Rivers

More people drown in rivers than in any other New Zealand water environment. 

Rivers can be dangerous depending on the weather, terraine, forces, hazards and behaviour of those recreating in and near rivers. Rivers generally are not patrolled and the absence of warning signage and ignorance of the dangers a likely contributor to injury or death by drowning.

Rivers present a completely different range of potential dangers compared to the ocean and swimming pools. The pressure of moving water is constant and can be powerful even if the river looks slow moving and calm.

Safety and Hydrology

Water in rivers exerts a very powerful force against any fixed object. This force remains constant unlike the ocean where the force is released with each tidal surge.

The downstream flow of water is called laminar flow. Water flows in a straight line, changing direction at points of high resistance. The line of greatest depth and strongest laminar flow will be on the outside of the corners. The water on the inside of the bend is slower moving. 

Within New Zealand there is a recognised grading system for rivers. This classification is based upon difficulty, loss of height, amount and speed of water, and the number of hazards. Grade 1 is the easiest, Grade 6 is the hardest.

River crossings

Most river crossings are conducted safely and successfully, however unfortunately not all crossings go so well. 

When attempting a river crossing, these three crucial decisions will help you to reduce the risk:

1. Should you cross?

Crossing alone is hazardous and it is not recommended that you get yourself into a river crossing situation if you are alone.

2. Where should you cross?

  • Never cross a river in flood – 80% of river crossing drownings have occurred when the river has been in flood.
  • Check the speed of the river, look downstream for run out hazards and see if there are good entry and exit points
  • Avoid crossing on a bend, above a place where another stream joins the river and where the water is dirty and cloudy.

3. How should you cross?

  • Check your clothing and equipment.
  • Avoid loose bulky clothes.
  • Wear your boots or shoes.
  • Try to keep the gear you are carrying in your pack/day pack dry. Make sure that it is all in plastic bags.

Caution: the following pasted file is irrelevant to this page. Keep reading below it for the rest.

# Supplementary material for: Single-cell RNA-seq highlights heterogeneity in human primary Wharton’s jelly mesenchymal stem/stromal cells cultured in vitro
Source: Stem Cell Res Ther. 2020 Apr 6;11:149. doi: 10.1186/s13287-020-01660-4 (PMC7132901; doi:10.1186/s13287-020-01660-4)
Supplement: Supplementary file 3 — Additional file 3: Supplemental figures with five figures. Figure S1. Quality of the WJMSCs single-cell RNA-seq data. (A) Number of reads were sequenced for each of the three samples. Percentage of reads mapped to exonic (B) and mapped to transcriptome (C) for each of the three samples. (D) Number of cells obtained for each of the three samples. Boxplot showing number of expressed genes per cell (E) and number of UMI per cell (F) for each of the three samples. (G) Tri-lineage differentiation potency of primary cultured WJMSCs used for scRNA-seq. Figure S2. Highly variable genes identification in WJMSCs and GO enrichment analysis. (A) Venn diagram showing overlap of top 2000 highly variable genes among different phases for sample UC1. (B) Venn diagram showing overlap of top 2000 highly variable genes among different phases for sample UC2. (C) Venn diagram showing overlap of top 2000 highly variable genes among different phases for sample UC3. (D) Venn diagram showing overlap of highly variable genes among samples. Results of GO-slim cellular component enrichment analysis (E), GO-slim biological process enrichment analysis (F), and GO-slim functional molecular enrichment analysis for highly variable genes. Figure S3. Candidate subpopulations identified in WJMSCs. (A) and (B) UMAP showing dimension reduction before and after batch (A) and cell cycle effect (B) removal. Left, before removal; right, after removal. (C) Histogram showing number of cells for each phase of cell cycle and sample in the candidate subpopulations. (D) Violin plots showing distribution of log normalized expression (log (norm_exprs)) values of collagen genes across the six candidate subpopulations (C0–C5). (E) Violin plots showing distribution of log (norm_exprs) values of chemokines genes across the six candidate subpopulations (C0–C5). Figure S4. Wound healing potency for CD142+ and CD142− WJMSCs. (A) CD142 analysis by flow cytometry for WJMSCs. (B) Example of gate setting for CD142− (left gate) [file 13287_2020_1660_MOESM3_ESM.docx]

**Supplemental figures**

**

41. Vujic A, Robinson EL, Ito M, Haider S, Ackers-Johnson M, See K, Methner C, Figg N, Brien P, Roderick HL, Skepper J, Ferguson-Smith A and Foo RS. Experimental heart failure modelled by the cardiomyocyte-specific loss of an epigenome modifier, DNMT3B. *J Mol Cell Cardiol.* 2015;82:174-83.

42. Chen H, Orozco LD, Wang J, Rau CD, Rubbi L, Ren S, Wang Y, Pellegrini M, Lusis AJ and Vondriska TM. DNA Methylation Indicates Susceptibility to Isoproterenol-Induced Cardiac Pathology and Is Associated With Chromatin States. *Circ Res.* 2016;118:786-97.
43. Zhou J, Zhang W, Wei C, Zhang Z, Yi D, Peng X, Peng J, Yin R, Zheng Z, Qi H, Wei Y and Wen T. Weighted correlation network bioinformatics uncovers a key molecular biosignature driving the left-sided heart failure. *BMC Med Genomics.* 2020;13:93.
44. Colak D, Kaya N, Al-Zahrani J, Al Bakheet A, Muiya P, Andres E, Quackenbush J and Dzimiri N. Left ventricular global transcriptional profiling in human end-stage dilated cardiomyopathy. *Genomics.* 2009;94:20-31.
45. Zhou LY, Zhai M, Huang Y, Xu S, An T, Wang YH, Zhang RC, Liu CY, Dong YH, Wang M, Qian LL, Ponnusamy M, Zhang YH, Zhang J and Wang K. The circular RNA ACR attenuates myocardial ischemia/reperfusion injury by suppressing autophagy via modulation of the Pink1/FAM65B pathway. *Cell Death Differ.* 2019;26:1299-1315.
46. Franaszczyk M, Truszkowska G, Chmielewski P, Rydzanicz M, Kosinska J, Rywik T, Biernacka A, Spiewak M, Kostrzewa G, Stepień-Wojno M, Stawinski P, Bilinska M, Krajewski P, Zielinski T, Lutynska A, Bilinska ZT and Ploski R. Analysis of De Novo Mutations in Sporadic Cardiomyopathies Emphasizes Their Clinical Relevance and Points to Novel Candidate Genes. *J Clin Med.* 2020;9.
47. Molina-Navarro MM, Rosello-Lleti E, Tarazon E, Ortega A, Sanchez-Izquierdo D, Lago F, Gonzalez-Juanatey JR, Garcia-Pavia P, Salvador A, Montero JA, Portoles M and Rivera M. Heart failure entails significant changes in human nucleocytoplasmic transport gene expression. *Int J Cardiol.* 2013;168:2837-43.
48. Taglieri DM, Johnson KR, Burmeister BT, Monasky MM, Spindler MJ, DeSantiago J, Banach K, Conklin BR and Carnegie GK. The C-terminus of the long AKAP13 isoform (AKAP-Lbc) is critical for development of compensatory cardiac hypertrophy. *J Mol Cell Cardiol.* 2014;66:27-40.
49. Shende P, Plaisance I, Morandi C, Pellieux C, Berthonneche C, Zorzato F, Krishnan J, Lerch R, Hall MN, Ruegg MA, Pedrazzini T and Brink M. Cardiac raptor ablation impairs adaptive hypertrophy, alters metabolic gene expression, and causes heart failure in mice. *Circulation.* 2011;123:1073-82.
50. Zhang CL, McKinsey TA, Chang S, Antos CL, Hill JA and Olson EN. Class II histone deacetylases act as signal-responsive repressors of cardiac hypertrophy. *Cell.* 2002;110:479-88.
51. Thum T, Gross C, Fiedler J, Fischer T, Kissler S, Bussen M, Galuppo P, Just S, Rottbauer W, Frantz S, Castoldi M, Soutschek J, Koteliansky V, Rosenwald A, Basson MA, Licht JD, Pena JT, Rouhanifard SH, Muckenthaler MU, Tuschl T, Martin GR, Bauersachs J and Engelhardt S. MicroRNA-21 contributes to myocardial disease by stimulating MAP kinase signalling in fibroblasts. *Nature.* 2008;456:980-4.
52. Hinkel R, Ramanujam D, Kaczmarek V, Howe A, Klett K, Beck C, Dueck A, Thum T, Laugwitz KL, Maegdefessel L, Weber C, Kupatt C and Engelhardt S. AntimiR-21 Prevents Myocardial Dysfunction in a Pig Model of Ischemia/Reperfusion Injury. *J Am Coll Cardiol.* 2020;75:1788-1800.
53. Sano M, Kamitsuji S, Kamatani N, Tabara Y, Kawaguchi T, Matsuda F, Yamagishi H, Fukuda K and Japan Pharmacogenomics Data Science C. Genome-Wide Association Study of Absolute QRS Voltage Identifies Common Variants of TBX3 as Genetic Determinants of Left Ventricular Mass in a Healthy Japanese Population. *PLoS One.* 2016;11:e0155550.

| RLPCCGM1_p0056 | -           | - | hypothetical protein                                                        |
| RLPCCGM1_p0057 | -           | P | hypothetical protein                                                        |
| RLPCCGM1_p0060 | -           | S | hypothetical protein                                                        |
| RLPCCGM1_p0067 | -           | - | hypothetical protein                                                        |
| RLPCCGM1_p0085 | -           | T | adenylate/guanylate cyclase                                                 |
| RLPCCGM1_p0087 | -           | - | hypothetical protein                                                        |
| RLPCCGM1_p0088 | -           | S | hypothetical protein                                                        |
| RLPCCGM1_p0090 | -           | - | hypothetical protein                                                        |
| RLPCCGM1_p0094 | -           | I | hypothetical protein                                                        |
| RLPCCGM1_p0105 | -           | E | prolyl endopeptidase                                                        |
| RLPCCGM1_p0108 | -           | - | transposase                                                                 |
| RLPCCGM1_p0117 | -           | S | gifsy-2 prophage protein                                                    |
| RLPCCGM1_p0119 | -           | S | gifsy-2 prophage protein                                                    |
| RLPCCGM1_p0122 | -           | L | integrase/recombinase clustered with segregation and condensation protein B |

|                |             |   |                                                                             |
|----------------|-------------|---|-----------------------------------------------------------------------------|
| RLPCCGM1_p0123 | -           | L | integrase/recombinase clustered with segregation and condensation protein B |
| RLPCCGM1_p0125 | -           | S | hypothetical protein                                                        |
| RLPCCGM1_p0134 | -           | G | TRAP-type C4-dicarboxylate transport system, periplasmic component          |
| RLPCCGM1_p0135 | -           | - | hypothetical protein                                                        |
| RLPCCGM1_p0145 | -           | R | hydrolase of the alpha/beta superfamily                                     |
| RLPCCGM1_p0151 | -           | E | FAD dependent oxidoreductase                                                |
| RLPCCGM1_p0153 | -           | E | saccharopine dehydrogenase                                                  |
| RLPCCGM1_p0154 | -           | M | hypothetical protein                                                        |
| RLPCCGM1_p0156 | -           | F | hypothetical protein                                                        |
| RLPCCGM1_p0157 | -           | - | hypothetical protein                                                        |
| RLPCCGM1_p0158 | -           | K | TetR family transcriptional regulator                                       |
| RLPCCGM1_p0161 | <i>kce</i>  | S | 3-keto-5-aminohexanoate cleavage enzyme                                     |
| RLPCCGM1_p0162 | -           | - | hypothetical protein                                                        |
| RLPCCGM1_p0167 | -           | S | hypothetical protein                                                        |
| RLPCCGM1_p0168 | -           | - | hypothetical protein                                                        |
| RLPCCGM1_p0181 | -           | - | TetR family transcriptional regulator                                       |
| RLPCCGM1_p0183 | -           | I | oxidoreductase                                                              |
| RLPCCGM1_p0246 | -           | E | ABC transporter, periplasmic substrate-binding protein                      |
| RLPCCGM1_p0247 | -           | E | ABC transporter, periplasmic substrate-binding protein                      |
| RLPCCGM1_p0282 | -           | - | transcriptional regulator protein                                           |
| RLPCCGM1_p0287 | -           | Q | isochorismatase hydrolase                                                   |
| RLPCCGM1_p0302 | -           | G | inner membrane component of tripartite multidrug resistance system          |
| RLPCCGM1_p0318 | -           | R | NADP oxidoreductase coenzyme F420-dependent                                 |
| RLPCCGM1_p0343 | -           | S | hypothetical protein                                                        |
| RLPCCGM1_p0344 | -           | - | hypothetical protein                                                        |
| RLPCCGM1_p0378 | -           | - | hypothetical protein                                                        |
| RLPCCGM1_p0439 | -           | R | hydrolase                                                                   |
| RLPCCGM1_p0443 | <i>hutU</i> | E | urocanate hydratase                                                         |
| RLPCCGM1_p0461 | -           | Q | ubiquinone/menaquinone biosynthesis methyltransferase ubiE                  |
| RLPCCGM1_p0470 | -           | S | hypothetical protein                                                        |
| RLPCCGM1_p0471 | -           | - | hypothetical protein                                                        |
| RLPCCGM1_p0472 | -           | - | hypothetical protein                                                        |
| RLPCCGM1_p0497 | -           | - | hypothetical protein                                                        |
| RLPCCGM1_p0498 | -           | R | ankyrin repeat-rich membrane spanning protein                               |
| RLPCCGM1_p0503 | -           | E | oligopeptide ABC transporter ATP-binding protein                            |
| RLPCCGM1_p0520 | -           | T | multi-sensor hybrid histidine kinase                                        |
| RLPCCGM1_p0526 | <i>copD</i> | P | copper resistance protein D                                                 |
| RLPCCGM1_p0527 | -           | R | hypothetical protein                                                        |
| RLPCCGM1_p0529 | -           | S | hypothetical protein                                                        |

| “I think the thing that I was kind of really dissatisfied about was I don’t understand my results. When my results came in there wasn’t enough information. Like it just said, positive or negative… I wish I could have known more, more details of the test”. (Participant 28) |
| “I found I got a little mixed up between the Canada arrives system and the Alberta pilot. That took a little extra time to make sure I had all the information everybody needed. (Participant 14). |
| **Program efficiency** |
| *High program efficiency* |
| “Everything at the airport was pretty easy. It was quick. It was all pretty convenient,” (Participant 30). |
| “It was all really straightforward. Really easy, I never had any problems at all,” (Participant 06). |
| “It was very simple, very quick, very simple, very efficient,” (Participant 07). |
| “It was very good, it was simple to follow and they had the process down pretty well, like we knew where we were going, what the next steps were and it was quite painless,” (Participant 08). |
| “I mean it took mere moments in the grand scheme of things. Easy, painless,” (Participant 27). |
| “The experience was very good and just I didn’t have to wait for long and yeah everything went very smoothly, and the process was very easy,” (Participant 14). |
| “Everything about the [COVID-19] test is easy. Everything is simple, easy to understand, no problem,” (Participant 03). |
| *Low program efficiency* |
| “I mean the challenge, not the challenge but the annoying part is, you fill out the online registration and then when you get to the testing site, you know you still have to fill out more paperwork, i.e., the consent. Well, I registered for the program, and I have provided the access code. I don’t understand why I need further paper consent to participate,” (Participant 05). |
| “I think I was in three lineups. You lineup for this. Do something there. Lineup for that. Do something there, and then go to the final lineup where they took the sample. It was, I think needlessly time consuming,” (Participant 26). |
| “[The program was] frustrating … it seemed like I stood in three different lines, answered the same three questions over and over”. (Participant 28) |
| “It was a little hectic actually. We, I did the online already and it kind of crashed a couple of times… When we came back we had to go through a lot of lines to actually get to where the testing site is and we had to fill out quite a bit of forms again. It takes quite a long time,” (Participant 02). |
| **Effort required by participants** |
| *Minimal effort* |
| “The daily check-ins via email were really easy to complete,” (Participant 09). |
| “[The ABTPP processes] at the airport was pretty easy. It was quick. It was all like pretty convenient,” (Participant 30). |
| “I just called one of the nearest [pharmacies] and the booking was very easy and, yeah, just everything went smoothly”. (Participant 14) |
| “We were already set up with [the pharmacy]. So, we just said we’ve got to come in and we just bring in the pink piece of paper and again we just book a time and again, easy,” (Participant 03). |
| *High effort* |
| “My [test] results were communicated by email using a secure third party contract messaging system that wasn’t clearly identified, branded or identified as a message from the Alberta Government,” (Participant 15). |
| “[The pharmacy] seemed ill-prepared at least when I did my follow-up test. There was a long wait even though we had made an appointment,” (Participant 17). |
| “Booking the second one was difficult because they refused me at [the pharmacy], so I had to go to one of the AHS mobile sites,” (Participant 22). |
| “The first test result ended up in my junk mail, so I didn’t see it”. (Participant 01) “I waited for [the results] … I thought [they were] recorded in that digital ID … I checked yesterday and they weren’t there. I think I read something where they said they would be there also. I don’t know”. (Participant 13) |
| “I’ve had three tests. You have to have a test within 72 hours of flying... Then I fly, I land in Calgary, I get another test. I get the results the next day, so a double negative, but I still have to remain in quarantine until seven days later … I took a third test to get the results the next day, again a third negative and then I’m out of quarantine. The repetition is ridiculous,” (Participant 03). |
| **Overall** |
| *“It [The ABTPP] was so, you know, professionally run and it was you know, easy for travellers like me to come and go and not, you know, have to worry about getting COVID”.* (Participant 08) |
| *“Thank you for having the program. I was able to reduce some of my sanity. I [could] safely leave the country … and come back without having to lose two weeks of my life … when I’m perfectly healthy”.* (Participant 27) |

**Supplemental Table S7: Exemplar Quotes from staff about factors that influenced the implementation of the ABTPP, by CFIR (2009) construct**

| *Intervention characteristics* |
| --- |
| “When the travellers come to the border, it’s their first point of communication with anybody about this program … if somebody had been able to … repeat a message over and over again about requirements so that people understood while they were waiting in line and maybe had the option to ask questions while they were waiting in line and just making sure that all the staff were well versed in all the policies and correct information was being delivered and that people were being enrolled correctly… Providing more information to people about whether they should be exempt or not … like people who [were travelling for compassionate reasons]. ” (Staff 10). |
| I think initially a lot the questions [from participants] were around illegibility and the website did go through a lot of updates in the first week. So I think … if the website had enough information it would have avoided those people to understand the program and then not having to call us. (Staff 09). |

When crossing always:

  • keep your body side on to the current;
  • take small shuffling steps;
  • move diagonally downstream with the current to conserve your energy;
  • have a leader to control the crossing make sure that everyone can hear instructions before you get into the river;
  • have the strongest people at the upstream end to break the flow for the others;
  • have the upstream person just slightly ahead of the person next downstream and so on down the line. 

If the crossing does not go as planned:

Stay linked up and back up slowly out of the river. Do not break the link until everyone is into very shallow water.

Swimming

Swimming spots in rivers can be great places in summer. If you pick your spot carefully and check it out each time you swim there you can keep yourself and your friends safe.

Swimming in a river is different from swimming in a pool or in the sea. Swimmers often underestimate the power of the river or overestimate their own abilities.

The river bottom is irregular and can change from day to day. It is often difficult to tell how deep a certain part of the river is. Many people are seriously injured each year jumping into water that is too shallow.

Stay safe when swimming in rivers by:

  • Learn swimming and swimming survival skills.
  • Always swim as part of a group.
  • Check for hazards both where you are swimming and downstream.
  • Do not mix swimming with alcohol or drugs.

Check out any jumping spot thoroughly before jumping. Do this by getting in the water and physically checking the depth and the whole landing area. Do this every time you visit a jumping spot to check that nothing has drifted into the landing zone since you were last there.

Floods

A significant danger occurs when our rivers, creeks and streams flood. Debris and fast flowing currents can cause banks to become unstable and even a small rise in the water level can dramatically change the way a river flows.

When inland waterways are in flood it is important to keep out of the water wherever possible and keep well away from river and creek banks, they can become weak and subject to collapsing.